Friday, June 27, 2008

What exactly is Feminist Psychology?

I was walking with my son last weekend and came upon this sign :

Which leads to the obvious question -- what exactly is feminist psychology? The imagination runs wild.

Thursday, June 26, 2008

Oil Policy

Energy policy should be a big issue in this election. I am a big believer in alternative energy and a big supporter of biofuels (I oppose the ethanol subsidy, rather I would end the tariffs on Brazilian ethanol and mandate that all gasoline powered cars in the United States be flex-fuel by 2012). I am happy to see that Obama has been talking about biofuels and he has come close to the Zubrin plan, though he has not mentioned it by name. Someone should, immediately, send Obama a copy of Zubrin's book "Energy Victory".

But for the foreseeable future, oil will still be important and it has to come from somewhere. Obama opposes drilling here, drilling in the Artic, and now his comments against tar sand oil. He also complains about the price of oil. His answer is to threaten the oil companies.

I do not think the oil companies are charitable institutions. They are businesses and their goal is to maximize profits. But maybe instead of demonizing them, they should be allowed to drill somewhere. Oil is going up and up, and most of what I read suggests that it is a bubble -- demand increases in China (which had been heavily subsidizing gasoline, increasing demand) in and of itself do not account for the increase. Uncertainty over Iran and Iraq play into it. But ultimately, it is the THREAT of future events that are driving the price. Allowing drilling the Artic or offshore might reduce uncertainty and allow prices to come down to a more reasonable level.

I am not suggesting that we will see $1.10 regular gas ever again -- I know that will never happen. But we need to reduce prices for no other reason than the fact that much of our oil money goes to places that are trying to destroy us -- in effect, we are paying for attacks against us. And drilling here and now, along with buying Canadian oil and getting shale oil regulations passed will give us the breathing room necessary to get alternative sources online (and also a few years so that a flex-fuel mandate will have time to operate). That is important, pushing for drilling now does not mean that alternative energy is forgotten. In fact, under Senator McCain's plan, there would be both. Senator McCain even calls for a flex-fuel mandate!

Dude where are my posts?

I have not posted in quite awhile, mostly because I have been too busy watching EURO 2008 games when I get home.

This has been some tournament, and Turkey has definitely made things interesting.

And now for a musical interlude by the fans of a team NOT in attendance!

Why does Barrack Obama hate Canada?

The guy is running as the man to repair US foreign relations.


It is bad enough that he ran against NAFTA. Now he is attacking Canadian tar sand oil. Personally, given the choice of sending my gas money to Saudi Arabia, Hugo Chavez or our friends to the North, I will choose Canada.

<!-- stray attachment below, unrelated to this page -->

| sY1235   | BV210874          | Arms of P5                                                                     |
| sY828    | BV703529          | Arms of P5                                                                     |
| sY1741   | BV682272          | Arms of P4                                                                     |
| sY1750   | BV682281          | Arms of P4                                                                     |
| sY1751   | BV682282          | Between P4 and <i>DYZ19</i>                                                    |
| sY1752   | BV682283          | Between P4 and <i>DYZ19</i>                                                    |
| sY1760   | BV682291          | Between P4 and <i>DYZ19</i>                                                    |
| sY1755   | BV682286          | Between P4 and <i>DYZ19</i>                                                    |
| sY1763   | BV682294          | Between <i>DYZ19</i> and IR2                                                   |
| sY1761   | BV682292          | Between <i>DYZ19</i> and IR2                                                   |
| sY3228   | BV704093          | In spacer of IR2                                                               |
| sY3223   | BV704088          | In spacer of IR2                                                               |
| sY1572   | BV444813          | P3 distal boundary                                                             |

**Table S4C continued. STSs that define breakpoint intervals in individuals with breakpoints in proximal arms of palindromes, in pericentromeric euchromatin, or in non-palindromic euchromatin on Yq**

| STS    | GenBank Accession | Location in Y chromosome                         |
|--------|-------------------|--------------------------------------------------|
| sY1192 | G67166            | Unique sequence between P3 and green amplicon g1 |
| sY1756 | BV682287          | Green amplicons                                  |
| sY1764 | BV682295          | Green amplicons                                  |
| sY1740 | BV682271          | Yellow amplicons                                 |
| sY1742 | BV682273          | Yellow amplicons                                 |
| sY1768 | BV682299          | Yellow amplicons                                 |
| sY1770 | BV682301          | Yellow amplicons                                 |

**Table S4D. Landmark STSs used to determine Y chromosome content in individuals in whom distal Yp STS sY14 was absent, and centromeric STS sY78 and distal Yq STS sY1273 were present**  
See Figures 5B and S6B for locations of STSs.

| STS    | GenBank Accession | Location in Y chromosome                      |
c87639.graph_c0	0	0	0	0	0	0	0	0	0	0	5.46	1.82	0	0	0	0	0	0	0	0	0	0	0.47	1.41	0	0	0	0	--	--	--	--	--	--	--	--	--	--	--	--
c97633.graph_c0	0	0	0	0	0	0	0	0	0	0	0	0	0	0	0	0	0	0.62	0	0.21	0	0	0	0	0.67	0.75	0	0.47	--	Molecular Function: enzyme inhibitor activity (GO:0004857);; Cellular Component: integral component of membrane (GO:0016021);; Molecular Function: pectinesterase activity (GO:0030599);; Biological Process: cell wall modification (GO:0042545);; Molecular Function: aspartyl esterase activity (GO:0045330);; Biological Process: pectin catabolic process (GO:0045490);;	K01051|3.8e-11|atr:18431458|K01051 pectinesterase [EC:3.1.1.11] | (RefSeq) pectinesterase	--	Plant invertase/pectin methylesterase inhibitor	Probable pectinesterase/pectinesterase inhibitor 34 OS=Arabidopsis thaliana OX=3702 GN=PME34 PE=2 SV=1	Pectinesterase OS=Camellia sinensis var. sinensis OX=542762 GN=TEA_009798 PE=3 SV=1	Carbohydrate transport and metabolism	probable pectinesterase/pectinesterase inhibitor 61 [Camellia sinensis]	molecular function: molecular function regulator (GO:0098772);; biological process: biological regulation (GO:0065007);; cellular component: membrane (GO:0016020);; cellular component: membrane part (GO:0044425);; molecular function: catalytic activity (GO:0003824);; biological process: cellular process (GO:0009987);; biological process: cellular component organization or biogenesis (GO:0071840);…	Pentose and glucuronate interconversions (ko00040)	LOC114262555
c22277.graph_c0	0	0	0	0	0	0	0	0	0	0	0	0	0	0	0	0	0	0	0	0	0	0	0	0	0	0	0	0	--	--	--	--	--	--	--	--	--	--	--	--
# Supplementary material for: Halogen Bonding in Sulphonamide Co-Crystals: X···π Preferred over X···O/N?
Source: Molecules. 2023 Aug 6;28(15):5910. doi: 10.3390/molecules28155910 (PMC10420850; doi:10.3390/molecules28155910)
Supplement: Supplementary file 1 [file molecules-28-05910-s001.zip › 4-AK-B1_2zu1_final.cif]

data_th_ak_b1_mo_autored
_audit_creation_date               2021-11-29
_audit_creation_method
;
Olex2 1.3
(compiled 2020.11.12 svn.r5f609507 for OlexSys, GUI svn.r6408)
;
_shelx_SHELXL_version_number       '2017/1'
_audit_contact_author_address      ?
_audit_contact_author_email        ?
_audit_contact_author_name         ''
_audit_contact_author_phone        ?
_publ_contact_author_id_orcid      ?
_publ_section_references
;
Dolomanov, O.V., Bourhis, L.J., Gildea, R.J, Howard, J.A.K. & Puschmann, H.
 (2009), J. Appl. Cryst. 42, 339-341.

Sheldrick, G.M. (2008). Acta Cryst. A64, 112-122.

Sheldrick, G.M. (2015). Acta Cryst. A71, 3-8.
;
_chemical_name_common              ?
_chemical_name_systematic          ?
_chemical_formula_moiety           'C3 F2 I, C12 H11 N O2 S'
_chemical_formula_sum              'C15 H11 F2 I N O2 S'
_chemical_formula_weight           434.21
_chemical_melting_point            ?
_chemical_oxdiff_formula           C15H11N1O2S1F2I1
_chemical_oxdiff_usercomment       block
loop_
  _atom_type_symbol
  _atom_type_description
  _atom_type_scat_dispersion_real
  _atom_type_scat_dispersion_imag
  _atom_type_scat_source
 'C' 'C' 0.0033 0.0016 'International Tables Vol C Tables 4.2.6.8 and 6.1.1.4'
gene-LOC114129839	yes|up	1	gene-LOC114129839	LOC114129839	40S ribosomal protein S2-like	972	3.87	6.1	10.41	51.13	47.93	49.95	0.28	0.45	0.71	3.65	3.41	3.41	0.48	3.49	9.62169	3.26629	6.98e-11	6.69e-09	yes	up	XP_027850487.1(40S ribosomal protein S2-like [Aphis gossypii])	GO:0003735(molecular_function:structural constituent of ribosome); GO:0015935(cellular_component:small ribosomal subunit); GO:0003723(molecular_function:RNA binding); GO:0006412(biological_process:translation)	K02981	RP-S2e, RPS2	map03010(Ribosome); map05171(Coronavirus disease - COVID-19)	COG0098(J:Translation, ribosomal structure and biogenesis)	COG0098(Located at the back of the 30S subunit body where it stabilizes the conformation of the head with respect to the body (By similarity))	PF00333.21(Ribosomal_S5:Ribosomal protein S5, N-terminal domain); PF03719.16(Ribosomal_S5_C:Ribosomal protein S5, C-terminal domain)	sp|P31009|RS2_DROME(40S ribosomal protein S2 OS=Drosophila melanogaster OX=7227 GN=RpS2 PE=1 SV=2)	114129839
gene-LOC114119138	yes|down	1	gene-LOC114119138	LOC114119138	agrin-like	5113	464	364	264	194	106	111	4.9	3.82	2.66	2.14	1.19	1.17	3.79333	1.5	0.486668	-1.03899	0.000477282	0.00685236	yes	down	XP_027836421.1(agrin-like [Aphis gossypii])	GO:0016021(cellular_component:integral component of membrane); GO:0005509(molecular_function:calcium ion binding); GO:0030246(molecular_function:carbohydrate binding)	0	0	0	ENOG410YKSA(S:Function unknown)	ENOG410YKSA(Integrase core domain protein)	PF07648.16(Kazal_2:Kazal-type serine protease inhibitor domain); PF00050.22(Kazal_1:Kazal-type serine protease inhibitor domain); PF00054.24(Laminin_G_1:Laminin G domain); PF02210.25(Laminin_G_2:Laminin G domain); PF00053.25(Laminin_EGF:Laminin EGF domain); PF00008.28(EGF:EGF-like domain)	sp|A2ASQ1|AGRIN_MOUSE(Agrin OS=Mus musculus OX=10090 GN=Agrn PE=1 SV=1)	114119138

Why does Obama hate Canada?

Sunday, June 15, 2008

The Balkans

I have been somewhat down on US involvement in the Balkans. Though I agree with the change of regime and think intervention was warranted, I think we should not have been involved, that in taking the lead, all we did was further delay Europe taking responsibility for its own defence.

Michael Totten is in the region now and as always, writes intelligently. As an aside, I believe that independent journalism such as practiced by Totten and Michael Yon is the future of Internet reporting.

Also commenting on the region is Kirk Johnson's excellent Balkan blog. While I do not agree with everything he says, he thinks long and hard about the issues facing that region and take the time to really educate himself.

A Danish Experiment in Self Government -- Part I

When in Denmark, I somewhat surprised our hosts by saying that the first thing I wanted to see was "Freetown Christiania".



The town is a small self governing enclave in Copenhagen. The site of the town is in what was once the defensive fortifications of the city. The forts were obsolete, but the military continued to use the barracks until 1972, when the shut the base down. Soon, some hippies moved in and established their own community.

The hippie spirit still survives!





The old buildings were occupied and redecorated to reflect the free spirit of the new residents. No cars are allowed in the town, so people get around primarily by bicycle. Many bicycles are manufactured and/or modified in the town itself (one of the major business was a bicycle company). The bicycles are custom manufactured to have cargo spaces or turned into tricycles that can carry extra people or goods. The bicycles are very popular and you see them all around Copenhagen.



As you would expect in such an enclave, there were an abundance of artists and other creative types, and their work was very much in evidence.






Saturday, June 14, 2008

Friday, June 13, 2008

Happy Friday the 13th!

I am back from vacation. I know you all missed me very much.